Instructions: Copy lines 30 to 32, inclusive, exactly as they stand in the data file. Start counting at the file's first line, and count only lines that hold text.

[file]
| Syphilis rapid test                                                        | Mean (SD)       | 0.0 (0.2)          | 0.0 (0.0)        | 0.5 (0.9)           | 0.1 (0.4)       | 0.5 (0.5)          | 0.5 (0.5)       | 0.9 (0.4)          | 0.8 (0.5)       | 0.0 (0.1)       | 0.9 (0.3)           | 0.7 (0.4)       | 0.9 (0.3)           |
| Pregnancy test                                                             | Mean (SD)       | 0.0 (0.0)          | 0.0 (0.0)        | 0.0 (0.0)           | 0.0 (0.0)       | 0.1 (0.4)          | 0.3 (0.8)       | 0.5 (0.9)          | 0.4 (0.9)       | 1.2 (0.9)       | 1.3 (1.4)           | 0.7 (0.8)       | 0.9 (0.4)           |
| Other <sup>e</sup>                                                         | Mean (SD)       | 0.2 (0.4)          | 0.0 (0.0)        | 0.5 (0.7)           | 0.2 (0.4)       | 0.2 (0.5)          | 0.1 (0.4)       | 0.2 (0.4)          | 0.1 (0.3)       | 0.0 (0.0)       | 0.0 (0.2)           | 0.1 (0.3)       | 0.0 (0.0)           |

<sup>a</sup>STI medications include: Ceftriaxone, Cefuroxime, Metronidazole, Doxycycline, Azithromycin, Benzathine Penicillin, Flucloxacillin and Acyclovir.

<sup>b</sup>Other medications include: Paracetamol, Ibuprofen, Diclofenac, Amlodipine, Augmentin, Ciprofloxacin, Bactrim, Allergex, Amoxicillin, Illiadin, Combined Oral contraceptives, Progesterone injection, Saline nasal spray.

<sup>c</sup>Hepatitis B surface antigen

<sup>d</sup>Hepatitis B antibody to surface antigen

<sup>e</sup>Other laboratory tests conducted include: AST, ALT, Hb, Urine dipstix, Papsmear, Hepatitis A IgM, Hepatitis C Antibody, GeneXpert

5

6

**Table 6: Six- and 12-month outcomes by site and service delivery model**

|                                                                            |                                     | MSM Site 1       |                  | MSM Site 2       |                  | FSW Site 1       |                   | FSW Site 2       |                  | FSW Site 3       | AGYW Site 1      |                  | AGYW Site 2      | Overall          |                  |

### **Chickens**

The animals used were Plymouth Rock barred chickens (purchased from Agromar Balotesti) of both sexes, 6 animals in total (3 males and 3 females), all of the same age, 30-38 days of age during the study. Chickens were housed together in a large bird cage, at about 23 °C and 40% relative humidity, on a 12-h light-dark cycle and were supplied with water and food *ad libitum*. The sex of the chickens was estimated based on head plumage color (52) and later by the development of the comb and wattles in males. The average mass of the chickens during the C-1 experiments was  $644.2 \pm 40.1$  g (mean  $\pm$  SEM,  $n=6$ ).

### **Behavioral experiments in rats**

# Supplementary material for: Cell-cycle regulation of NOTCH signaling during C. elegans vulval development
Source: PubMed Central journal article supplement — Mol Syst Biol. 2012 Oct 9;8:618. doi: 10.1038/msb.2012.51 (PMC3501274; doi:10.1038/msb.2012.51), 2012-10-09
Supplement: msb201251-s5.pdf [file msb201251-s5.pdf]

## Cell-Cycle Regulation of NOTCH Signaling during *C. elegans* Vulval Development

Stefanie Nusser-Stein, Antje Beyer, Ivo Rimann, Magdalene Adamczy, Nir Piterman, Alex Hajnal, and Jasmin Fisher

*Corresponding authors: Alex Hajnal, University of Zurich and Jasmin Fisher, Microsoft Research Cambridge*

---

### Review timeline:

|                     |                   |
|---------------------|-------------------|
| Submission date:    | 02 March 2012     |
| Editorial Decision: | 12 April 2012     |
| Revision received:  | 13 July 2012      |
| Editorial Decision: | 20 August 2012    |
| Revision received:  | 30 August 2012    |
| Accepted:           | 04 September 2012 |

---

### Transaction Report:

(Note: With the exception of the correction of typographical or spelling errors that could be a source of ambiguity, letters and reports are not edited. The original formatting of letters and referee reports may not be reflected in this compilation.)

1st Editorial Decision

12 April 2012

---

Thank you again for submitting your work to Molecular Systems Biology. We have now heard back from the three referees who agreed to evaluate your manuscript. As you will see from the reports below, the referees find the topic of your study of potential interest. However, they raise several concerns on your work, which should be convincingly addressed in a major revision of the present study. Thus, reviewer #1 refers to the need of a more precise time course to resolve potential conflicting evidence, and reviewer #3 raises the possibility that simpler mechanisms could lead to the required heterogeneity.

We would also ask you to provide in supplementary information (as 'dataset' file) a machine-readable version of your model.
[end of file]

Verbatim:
| Revision received:  | 30 August 2012    |
| Accepted:           | 04 September 2012 |

---